My Mother by Marisa Flores

My mom has been an influence in my life by …Teaching me and telling me I’m good at sports, school, and art. She tells me to go to college in order to get a good job. My mom supports me in school and sports .My mom cares about me, and tells me that she loves me .My mom helps me with everything . My mom helps me practice, takes me to practice, and goes to all of my games. My mom takes me shopping and buys stuff for my bed room, and school, summer and outdoor clothes.

My mom tells me I’m pretty.  My mom tells me never to do any drugs that it will mess your whole life up. Sometimes my mom and I may argue but I know she still loves me.  My mom tells me to listen to my teachers and my elders.  My mom tells me I should never give up or quit something I’ve already started.  My mom always encourages me to save my money. My mom tells me don’t change for anyone .My mom tells me don’t ever quit dreaming .My mom tells me that I am beautiful no matter what anyone says. My mom says everything is possible. I have the best mom ever even though we fight.  My mom tells me goodnight every night. My mom buys mom buys me everything I want for Christmas.  My mom understands all my problems.  My mom takes me to the dentist, pays my phone bill, and bought me a DS.  My mom let’s me have my own room.  My mom can trust me.  My mom is nice to all my friends. My mom loves all my ideas. My mom helps me through everything.  My mom always takes me out for dinner. My mom always cares for me if I’m sick. My mom always agrees with me.  Even though my mom and I have been through a lot of ups and downs … I still love her.

My Amazing Sister by Emerald Espino

My sister, Vanessa Marie Espino, is my role model.  Why? She is the strongest, prettiest, bravest, caring, person that I know.  She is strong because she has bills to pay, food to buy and cook, clean the house, and she has to care my brothers and me and her own kids.  She is very strong and I don’t know how she does it. She’s amazing!  She always tells me that we have our ups and downs and that we just have to be strong and wish for the best. She is like so strong and I love her and I feel like she doesn’t know that and I feel like I don’t do enough. She is also pretty. She is pretty with or without  makeup or dressing up and doing her hair. She is herself. She is also the bravest person I know because she is not afraid of making sacrifices to make our lives better. All she wants is for us to behappy. And last but not least she is caring. She is caring because right away when she knows that we have received our child support check, she takes care of our needs first.  She doesn’t say, “Well no let me go do this first for myself or her family.” No she goes right ahead and puts us first and let’s us get what we need.  When we don’t have our child support she gives us money so we can have what we need.  She gave my brother and me money for my fieldtrip when we didn’t have any money.  And another thing is that she is taking care of my brothers and me because nobody else wants to.   She lets us live in her house for free.  She is taking care of us when my mom and dad should be doing this.  She is like a mom to me.  She takes care of me, my brothers, her kids, her boyfriend, and herself. That is a lot and I don’t know how she does it.  I really appreciate what she has done for us.  I hope that when I grow up I will be just like her.  These are all the reasons why my sister is my role model and a great mom.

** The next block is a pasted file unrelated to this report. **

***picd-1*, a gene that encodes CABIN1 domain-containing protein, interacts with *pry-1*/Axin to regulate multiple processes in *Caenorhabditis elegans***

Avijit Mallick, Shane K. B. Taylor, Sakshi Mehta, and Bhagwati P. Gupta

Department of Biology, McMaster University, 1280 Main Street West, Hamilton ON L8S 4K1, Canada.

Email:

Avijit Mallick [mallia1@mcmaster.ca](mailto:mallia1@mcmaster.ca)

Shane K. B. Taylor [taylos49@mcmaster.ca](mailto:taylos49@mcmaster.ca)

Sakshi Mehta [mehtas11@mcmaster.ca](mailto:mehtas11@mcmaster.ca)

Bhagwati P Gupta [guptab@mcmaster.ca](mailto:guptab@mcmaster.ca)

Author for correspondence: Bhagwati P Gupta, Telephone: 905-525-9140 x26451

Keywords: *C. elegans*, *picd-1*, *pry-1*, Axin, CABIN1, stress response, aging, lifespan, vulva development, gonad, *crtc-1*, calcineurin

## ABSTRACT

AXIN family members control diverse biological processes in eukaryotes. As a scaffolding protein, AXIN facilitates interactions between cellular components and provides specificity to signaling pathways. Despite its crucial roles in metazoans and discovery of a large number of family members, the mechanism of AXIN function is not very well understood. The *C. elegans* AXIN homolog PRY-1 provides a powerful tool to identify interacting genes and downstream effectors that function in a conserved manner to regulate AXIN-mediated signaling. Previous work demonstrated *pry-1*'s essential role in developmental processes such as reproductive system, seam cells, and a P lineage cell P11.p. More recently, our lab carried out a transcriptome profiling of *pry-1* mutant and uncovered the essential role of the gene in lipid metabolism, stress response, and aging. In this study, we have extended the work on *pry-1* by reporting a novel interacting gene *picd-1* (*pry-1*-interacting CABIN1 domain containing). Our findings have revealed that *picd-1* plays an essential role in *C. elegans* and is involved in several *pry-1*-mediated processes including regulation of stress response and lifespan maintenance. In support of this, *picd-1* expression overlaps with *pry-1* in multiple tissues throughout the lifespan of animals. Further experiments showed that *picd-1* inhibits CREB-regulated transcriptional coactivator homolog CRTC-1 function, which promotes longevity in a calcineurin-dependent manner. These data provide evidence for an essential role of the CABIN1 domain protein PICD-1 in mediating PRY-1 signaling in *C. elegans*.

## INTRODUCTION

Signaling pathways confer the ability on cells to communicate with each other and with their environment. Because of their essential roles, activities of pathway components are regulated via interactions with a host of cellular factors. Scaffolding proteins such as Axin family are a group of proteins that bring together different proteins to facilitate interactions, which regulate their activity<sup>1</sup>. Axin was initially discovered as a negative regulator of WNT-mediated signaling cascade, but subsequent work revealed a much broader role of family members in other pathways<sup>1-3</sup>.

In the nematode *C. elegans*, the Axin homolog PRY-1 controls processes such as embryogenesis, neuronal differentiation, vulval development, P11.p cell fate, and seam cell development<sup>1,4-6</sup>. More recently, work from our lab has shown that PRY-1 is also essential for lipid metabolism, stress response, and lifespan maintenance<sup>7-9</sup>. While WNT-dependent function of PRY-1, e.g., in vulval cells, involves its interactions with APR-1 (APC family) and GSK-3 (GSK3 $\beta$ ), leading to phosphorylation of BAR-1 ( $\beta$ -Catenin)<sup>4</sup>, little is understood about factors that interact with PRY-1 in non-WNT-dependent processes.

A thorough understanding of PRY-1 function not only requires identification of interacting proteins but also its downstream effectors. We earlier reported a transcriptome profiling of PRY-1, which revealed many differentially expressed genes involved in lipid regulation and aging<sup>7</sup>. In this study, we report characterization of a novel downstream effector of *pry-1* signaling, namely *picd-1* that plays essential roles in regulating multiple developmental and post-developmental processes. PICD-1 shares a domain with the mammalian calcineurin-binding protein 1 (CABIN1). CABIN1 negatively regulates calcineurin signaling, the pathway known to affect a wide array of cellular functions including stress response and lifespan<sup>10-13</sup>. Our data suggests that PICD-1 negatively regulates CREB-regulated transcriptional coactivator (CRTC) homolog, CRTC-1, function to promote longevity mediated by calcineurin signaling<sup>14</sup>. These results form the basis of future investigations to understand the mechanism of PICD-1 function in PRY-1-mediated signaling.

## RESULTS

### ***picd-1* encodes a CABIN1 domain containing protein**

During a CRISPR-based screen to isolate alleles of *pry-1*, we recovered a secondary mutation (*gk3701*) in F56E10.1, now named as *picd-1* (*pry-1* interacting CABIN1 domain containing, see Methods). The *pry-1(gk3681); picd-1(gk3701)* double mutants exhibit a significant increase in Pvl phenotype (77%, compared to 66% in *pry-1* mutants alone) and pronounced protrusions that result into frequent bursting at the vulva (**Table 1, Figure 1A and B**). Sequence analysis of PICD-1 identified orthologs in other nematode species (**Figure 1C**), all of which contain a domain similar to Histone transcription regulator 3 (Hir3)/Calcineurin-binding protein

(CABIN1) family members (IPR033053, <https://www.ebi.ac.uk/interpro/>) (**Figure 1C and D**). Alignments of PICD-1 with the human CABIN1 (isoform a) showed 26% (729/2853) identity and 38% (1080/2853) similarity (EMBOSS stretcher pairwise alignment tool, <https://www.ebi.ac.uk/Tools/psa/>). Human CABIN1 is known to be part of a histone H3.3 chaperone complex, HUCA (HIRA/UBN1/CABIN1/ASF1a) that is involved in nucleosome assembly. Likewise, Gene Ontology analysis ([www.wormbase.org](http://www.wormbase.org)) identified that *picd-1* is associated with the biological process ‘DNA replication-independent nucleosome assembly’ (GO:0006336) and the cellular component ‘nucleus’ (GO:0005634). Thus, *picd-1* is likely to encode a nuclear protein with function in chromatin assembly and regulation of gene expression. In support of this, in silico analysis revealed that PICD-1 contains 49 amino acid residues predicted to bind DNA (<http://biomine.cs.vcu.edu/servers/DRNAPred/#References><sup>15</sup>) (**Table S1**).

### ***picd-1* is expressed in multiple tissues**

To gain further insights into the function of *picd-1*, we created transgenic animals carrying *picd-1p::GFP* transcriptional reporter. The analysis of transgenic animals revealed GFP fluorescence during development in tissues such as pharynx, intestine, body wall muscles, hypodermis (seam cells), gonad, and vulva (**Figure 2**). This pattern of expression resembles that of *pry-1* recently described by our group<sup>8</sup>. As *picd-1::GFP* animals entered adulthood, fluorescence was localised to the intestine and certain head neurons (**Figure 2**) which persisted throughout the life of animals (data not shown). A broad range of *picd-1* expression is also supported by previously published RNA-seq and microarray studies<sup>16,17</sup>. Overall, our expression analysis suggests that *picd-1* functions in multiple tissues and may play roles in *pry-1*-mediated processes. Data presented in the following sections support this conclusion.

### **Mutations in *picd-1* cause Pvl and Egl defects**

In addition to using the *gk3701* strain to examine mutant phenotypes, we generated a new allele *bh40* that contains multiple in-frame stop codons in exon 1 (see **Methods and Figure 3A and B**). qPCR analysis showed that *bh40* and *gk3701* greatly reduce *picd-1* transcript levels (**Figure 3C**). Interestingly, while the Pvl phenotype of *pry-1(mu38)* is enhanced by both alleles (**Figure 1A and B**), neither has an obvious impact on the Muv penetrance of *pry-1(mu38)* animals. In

Mi Madre by Maria Isabel Gonzalez-Segura

Yo   tengo a  alguien  que siempre  estará  en mi  corazón  y ella  es  mi hermana  Elizabeth.  Ella es  fuerte  y lucha  por  mí. Es la  mejor  hermana que  he  querido. Es fuerte  hace  un esfuerzo  por  sus  4 hijos  y mas a mi. También le ayudo con  sus  niño pero  yo  estoy chiquita y  dice  que no  me preocupe. también mi  hermana es  inteligente  porque me  ayuda  con mi  tarea  y con  mis  problemas. Me hace  pensar  porque si  hace  mucho por  mi  yo la  quiero  mucho y  se  siente como   que  ella era mi  mama. Gracias  a ella  mi  vida es  feliz.  Mi hermana  es  valiente porque cuando  yo  estoy enferma  ella  me dice  hermanita  ponte los zapatos  vamos  ir al  hospital  y en  esos  momentos me  hace  llorar porque si  me  quiere y quiere que yo este  sana. Para que siempre  este  feliz. Lo mejor  de  mi hermana  es  que ES  LA  MEJOR  EN  EL  MUNDO. Ella era  la primera  en  bañarme  yo  la  amo y  siempre  la  voy a  querer   mi hermana es  mi  mejor  hermana  y  mejor amiga  Te quiero mi  hermanita chula.
*Winners of this regional contest were awarded free passes to Fiesta Texas (San Antonio, TX) and Schlitterbahn water park.A marketing team from Texas State University’s communications department created the contest parameters, reached out to schools for submissions and vetted entries for the following winners.